11. @Geoff, the only problem with your strategy is nearly all my bills are paid automatically, usually on the best cc in terms of points earned, already. The few that remain are autopay from my checking account. I suppose I could pay those via Bluebird but not sure it is worth the hassle to re-arrange. But as I said, I am always re-evaluating!

  12. Rob – I think the “no ID required” aspect was always meant to be for maximum convenience of the consumer.
    Maximum convenience equals maximum use.

    The merchant is NOT responsible as long as they have followed all rules and regulations of acceptance.

  13. Carl: I’m curious then why OD would care about CC fraud then, if they were not responsible?

    Not that it matters – the world is constantly evolving and soon enough there’ll be some other interesting way to earn points.

  14. @Elaine. Many of my bills were too. The kind of stuff that simply will not accept a card(mortgages, utilities etc…). the rest of mine were either already hooked into a card or auto-debit from checking.
    I unwound only the largest ones, think mortgages and utilites, auto and life insurance, a few others.
    Now I simply pay from Bluebird. Is it a change/hassle?
    Yeah, a bit. But adding roughly 40-50,000 points per year with no additional spending is huge in this points “game”.
    A family of 4 eats up a ton of points, even off peak and/or “saver” levels.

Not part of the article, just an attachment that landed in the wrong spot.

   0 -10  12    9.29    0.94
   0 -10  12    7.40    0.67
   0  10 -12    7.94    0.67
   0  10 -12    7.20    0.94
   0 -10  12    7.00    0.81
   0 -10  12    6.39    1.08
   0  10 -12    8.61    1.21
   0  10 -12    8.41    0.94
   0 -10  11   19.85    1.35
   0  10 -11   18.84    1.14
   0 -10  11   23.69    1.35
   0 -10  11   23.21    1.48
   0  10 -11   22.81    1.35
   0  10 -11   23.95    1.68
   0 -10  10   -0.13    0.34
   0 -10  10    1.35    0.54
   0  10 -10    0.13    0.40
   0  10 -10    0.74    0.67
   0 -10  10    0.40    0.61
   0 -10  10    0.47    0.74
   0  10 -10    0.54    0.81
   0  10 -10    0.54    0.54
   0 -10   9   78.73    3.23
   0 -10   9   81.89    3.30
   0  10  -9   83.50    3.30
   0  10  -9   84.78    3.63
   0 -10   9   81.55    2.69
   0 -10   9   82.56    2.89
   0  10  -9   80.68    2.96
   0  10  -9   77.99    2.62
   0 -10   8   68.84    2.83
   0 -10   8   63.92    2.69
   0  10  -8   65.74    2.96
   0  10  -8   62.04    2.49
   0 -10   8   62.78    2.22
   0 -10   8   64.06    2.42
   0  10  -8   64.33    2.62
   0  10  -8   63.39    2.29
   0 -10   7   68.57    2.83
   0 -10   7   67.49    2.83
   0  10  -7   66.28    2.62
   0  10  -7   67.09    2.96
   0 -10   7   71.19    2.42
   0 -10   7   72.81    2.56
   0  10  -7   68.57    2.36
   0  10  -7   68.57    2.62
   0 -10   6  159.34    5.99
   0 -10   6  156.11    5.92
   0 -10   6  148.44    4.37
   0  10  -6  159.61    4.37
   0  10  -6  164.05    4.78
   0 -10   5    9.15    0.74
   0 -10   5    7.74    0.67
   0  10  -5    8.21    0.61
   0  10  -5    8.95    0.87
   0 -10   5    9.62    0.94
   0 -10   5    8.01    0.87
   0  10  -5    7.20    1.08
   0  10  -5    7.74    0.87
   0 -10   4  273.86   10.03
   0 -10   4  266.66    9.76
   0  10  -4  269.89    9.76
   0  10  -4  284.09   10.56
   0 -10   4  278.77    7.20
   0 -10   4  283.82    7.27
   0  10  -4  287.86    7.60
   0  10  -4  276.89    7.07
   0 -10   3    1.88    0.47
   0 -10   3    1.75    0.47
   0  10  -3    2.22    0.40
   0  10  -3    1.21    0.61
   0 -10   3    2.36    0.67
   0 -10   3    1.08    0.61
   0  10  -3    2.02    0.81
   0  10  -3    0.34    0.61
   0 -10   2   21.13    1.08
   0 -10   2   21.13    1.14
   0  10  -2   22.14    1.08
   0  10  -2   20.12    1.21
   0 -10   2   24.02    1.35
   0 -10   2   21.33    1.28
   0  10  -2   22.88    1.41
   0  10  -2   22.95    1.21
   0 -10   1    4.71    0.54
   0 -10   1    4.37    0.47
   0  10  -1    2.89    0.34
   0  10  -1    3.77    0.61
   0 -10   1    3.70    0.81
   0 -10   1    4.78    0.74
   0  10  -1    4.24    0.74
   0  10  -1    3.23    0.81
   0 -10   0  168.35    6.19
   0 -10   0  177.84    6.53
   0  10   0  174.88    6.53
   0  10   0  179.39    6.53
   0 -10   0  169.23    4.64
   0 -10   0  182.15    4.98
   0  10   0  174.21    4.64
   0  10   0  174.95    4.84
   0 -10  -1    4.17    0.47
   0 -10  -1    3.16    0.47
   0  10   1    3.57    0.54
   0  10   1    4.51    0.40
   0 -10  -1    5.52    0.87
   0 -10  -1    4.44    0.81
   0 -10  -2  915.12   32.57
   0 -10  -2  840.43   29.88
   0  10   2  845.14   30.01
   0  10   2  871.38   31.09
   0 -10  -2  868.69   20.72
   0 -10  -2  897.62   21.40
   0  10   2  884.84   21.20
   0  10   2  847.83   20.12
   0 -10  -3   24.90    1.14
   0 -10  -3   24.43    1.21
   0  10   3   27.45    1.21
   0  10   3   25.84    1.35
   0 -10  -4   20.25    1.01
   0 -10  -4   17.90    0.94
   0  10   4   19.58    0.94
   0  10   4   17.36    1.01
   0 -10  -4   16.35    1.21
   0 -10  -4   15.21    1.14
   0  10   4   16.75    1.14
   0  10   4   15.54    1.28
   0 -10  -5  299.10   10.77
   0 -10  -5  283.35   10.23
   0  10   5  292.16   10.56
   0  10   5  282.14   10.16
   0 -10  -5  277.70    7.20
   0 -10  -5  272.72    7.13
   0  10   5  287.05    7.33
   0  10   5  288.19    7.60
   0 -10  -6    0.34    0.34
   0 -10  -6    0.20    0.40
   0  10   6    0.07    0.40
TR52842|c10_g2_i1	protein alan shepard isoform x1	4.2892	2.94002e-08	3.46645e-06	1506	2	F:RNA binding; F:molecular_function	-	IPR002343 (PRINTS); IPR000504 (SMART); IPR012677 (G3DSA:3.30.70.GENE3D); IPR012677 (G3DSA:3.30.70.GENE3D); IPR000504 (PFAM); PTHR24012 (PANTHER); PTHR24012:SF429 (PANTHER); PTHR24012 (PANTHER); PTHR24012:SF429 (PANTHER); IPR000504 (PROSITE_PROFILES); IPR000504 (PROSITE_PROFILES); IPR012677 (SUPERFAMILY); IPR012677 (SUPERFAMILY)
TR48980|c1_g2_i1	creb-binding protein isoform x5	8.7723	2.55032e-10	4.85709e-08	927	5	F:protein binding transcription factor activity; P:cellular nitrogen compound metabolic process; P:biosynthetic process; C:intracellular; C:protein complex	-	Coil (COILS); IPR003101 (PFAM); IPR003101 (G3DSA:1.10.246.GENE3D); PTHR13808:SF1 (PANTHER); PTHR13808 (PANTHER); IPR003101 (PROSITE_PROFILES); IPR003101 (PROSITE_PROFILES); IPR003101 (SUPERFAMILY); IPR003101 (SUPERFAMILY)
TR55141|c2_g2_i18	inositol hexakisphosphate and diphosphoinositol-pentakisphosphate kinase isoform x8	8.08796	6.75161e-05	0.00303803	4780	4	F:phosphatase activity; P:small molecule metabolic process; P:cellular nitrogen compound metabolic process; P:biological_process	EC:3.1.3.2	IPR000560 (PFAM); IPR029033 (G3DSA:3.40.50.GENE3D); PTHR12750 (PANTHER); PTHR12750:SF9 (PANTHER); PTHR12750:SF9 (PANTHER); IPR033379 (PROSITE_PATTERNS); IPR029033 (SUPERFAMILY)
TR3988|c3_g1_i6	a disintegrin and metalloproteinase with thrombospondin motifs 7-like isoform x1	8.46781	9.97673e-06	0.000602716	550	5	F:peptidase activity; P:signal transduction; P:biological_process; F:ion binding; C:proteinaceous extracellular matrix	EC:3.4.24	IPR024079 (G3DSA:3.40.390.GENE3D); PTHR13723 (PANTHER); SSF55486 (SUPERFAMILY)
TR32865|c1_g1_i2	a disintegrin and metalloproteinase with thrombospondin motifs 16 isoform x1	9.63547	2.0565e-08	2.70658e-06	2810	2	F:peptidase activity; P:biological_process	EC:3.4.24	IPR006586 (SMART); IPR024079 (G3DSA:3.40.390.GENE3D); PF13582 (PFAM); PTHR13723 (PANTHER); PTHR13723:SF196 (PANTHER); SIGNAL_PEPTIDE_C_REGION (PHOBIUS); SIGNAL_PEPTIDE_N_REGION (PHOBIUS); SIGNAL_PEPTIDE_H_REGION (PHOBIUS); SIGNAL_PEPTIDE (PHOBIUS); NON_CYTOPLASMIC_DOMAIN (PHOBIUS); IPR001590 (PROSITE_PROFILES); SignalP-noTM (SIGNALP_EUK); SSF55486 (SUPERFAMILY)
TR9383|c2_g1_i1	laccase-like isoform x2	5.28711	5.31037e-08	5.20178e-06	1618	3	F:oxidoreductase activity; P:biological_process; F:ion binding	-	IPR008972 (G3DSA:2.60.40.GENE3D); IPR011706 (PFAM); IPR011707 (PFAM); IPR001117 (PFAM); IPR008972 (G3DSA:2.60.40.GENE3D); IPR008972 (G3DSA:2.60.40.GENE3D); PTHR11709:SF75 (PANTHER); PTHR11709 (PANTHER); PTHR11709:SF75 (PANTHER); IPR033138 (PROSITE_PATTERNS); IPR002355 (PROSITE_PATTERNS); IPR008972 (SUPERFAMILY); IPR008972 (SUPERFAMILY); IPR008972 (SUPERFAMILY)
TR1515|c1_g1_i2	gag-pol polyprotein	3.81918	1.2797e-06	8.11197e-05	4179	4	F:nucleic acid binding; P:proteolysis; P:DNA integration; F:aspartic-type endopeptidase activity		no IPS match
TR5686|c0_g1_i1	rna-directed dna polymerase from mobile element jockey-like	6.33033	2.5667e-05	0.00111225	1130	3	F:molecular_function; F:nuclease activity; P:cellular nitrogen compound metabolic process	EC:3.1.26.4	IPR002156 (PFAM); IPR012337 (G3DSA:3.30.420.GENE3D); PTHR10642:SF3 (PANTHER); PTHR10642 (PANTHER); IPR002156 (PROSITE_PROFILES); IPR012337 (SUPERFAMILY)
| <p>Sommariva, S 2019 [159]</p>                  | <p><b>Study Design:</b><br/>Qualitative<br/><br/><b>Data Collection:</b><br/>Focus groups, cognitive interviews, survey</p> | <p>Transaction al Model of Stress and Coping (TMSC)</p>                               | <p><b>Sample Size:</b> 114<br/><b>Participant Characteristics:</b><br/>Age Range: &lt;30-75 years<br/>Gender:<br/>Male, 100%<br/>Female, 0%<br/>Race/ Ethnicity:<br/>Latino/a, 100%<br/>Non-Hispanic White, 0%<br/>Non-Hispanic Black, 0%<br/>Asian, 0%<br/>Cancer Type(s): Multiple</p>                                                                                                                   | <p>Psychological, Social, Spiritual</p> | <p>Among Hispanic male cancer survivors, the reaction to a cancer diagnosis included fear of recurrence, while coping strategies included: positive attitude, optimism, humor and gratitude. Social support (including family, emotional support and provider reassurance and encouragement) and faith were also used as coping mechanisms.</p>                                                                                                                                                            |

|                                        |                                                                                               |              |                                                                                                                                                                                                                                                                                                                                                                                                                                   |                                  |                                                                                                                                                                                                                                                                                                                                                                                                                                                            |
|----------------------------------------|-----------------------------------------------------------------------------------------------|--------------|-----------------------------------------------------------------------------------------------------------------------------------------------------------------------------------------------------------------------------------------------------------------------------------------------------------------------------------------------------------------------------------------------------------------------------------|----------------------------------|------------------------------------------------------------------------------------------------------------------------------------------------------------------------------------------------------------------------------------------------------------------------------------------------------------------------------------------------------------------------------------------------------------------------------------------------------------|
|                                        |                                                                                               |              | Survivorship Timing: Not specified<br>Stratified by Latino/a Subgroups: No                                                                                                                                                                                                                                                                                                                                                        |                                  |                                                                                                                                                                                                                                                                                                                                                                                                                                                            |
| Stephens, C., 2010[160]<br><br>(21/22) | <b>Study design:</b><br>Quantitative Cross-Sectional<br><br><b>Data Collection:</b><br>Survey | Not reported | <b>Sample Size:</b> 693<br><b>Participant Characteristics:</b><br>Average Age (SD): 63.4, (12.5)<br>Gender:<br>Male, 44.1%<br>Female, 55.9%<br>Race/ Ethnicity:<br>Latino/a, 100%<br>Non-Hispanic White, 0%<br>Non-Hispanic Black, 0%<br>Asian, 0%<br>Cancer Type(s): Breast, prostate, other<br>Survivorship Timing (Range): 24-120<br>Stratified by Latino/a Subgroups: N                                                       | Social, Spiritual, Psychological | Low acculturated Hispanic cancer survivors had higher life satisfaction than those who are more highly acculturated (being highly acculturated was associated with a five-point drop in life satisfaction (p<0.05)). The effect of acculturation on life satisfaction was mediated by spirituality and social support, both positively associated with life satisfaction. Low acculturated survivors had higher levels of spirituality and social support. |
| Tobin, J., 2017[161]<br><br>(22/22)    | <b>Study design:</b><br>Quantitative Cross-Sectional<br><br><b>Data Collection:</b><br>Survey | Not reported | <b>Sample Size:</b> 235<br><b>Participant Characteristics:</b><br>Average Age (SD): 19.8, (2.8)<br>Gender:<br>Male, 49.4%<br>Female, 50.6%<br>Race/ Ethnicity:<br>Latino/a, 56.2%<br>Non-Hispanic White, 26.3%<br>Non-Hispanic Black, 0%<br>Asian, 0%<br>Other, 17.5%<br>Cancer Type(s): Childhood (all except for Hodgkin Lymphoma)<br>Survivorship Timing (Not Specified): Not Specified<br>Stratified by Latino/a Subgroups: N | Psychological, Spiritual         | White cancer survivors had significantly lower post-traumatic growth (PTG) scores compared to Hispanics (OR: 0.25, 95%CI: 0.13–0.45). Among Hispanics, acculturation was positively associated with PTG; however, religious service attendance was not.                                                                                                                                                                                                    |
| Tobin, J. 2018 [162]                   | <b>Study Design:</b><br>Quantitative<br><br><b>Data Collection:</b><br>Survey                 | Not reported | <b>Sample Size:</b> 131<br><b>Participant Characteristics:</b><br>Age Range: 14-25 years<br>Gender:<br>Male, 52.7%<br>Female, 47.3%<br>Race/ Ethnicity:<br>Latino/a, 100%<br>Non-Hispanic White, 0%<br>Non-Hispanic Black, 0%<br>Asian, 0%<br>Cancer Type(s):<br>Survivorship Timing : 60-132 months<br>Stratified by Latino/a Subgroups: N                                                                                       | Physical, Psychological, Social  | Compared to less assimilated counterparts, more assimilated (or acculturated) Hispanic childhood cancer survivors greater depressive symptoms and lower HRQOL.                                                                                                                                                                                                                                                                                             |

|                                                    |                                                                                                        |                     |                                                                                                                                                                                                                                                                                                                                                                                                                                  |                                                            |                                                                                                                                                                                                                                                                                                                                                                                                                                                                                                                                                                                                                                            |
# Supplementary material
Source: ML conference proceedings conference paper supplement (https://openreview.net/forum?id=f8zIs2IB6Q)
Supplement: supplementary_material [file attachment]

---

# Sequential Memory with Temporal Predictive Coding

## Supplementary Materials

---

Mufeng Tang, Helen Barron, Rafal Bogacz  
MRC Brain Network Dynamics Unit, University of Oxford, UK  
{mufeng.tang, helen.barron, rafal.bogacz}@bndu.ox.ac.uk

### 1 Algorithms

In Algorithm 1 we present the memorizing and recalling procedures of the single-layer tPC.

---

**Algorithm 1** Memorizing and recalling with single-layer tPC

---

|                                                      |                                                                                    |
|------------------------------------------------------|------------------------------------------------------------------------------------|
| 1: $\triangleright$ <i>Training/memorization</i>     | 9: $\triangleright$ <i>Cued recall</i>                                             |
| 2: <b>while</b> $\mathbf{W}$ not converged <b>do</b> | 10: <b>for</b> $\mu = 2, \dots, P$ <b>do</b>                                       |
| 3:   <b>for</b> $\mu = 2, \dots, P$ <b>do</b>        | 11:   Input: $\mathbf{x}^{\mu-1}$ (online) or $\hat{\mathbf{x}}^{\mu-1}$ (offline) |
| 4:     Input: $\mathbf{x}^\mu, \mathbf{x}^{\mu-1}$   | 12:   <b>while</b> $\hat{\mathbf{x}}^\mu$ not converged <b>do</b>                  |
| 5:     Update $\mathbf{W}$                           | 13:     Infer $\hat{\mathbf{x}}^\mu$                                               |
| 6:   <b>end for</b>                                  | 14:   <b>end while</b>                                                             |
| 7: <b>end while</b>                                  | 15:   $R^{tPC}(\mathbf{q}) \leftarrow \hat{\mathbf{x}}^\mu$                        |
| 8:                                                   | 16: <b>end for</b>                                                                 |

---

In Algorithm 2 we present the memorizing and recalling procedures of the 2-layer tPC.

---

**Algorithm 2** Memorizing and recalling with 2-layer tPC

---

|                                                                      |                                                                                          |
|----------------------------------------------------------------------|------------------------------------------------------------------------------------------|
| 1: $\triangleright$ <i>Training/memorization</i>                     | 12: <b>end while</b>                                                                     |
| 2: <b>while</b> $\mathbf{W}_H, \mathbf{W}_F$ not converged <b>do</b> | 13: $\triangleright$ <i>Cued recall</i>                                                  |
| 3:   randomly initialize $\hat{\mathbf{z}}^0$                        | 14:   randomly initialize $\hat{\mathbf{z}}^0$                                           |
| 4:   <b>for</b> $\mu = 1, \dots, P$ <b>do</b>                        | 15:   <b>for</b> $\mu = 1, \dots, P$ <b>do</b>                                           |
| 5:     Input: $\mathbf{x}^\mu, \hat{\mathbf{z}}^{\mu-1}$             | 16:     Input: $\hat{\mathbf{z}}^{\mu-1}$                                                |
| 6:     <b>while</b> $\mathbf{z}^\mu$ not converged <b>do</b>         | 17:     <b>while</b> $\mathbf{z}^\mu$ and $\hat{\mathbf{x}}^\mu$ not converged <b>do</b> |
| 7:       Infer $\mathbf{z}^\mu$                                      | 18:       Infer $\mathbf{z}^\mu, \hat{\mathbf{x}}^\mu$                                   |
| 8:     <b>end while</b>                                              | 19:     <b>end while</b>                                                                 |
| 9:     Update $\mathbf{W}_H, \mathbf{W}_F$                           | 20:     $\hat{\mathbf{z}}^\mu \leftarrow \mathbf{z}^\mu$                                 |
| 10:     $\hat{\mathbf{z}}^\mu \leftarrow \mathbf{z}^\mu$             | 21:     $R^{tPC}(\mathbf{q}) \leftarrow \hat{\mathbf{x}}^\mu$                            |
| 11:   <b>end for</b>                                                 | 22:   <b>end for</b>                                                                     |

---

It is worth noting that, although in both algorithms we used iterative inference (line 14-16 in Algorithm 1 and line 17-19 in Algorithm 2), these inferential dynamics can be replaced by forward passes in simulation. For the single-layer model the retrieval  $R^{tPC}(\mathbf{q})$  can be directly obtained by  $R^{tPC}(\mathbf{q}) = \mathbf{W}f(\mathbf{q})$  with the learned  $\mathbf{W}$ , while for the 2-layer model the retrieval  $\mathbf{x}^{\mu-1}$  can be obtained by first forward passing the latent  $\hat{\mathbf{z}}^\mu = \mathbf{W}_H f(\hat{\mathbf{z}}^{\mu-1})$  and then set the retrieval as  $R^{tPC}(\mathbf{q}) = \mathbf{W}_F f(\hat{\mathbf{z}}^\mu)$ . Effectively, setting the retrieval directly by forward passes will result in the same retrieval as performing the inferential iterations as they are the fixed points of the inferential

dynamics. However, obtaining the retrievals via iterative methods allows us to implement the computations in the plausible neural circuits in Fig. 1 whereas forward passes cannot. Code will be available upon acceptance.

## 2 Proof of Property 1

15. rob – I guess it’s still a PITA to OD while they prove they checked signature adequately and followed other rules. It probably at least starts as a chargeback to the merchant.

    Maybe Dan (with contacts at OD) could clarify.

  16. DO NOT go crazy and try to buy 5k worth of Vanilla. You’ll end up having to get the manager involved, CVS loss prevention involved, your credit card fraud involved and plus give CVS another reason to end allowing purchase of the gift cards with CC’s.

    So like alcohol, it’s best if taken in moderation.

    Here. Use this general rule. This allows you to keep buying vanilla, keep some for someone else and help insure there’s some left next time you come back.

    NEVER buy more than 2 cards ($500 ea.) on any visit to the same CVS per day.

    Been doing this for months in NYC and I have not had any issues other than the clerk as she timidly reads out the cost of your purchase. =)

  17. My whininess is about bluebird but not vanilla reload. I have been paying bills (rent, utilities car payment etc) with blue bord and everything was fine. Recently I made a payment to my cousin for 2000$ and the check went missing. After so many calls blue bord agreed to file a dispute. Dispute meant nothing to me so far since I haven’t heard anything from them yet. I am worried what is going to happen to my money since no trace is found yet.

  18. @ Geoff, yes, that’s exactly how I would do it. I may do a little experimenting. I think I like the Bluebird strategy better than the Paypal one. We have downsized some (house in the burbs > townhouse, two cars > one, etc.) now that our kids are grown, so it would be worth fewer points, but it may still be worth a little more effort anyway.

    I only started trying to accumulate points seriously in late November and after lots of conscientious reading, I am noticing that I learn less and less from the various blogs. Maybe it is time to up my game and devote less time to reading the blogs and more to implementation!